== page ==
These new AT&T commercials rankle me.
You know the ones. Some guy is in a foreign country, about to have a very important meeting (usually business-related), and he doesn’t get the most earth-shattering voicemail of his life from his boss because he doesn’t have AT&T. Some marketing genius, or probably some marketing genii, or even more probably some marketing genii and some market focus group(s), thought this would entice us idiots to buy more AT&T cellular phones.
Has anyone out there actually purchased an AT&T phone directly in response to these commercials? If so, you’ve just been duped by this brilliant one-two marketing pitch:
a) At some point, you’ll be in an area with bad service, and when you are,
b) that’s when you’ll miss the most important phone call/voicemail of your life.
Yes. And to make matters worse, said would-be message deliverer, KNOWING FULL WELL THAT YOU’RE IN A FOREIGN COUNTRY OR SOMEWHERE ELSE WHERE THERE’S A GOOD CHANCE YOU WON’T GET RECEPTION FOR THE CALL, will just leave you this life-changing voicemail, expect you to get it, and go on about his business. He won’t try to reach you by other means, and he won’t follow-up to ensure you received the message.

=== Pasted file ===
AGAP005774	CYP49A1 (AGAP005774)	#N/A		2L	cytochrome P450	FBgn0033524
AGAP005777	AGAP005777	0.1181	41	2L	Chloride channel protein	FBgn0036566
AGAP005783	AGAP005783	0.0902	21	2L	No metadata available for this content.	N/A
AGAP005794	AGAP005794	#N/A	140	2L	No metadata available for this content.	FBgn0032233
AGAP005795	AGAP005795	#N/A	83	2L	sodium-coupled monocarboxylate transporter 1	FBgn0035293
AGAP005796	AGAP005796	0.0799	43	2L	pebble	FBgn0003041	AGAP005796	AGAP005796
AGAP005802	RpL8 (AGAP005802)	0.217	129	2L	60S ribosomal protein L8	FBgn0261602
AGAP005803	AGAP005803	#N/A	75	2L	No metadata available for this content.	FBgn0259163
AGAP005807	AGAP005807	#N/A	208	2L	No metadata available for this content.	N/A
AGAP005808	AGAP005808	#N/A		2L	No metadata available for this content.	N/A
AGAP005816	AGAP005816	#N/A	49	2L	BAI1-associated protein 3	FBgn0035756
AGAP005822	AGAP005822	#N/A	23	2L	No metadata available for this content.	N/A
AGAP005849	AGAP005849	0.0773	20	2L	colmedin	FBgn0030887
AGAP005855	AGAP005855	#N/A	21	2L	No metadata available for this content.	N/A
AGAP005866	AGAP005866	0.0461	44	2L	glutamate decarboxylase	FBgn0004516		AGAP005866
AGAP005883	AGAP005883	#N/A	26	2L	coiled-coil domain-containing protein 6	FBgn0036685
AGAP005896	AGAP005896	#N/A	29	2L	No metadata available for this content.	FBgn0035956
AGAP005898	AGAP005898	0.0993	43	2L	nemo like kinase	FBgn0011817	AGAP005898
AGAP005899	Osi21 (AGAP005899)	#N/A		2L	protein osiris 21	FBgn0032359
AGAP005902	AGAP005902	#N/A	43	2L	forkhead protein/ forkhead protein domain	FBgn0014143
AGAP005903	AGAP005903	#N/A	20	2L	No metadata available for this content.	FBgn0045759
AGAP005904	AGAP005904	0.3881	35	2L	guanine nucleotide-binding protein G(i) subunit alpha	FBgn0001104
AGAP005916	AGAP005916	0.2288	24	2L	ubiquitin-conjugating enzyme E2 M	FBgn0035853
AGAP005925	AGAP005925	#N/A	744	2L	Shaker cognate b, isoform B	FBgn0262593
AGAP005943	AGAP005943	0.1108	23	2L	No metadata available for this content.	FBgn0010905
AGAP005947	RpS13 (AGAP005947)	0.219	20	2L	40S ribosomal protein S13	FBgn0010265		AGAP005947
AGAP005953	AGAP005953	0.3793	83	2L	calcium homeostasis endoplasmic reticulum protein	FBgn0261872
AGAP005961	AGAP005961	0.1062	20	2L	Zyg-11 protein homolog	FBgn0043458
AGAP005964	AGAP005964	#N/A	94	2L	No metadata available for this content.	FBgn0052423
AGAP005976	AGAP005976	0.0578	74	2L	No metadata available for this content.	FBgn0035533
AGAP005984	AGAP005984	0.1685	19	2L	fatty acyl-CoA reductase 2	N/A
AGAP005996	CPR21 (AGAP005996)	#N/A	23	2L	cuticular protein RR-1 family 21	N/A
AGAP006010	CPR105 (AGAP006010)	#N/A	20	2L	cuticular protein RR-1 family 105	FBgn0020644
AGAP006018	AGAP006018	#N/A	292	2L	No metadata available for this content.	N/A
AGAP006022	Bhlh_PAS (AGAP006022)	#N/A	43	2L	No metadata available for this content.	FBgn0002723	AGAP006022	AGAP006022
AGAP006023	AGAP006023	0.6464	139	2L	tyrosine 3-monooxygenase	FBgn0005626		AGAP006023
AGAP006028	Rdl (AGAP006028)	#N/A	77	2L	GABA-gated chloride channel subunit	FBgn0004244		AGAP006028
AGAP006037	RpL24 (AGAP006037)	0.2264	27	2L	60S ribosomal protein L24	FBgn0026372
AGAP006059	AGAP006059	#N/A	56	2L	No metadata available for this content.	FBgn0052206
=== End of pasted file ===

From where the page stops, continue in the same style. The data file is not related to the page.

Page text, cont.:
Do you know how small the chances of this happening are? How many times will this ever happen to most people in their life? Once, maybe. Or twice if you have my luck.
So by all means, buy AT&T. Because you need to allow for the incredibly non-fortuitous, disastrous event that has .01% chance of happening. (I did the math for you.)
What’s more insulting—the marketing pitch itself, or the fact that they thought they could entice you with it?
Speaking (obliquely) about intelligent consumer spending, this reminds me of another commercial I saw, promoting LifeLock. At some point in the ad, one potential customer wants to sign up because LifeLock promises to cut down on your junk e-mail. Yeah. Let’s pay someone to do that for us. Great idea.
I’m really not an angry person…
15 hours ago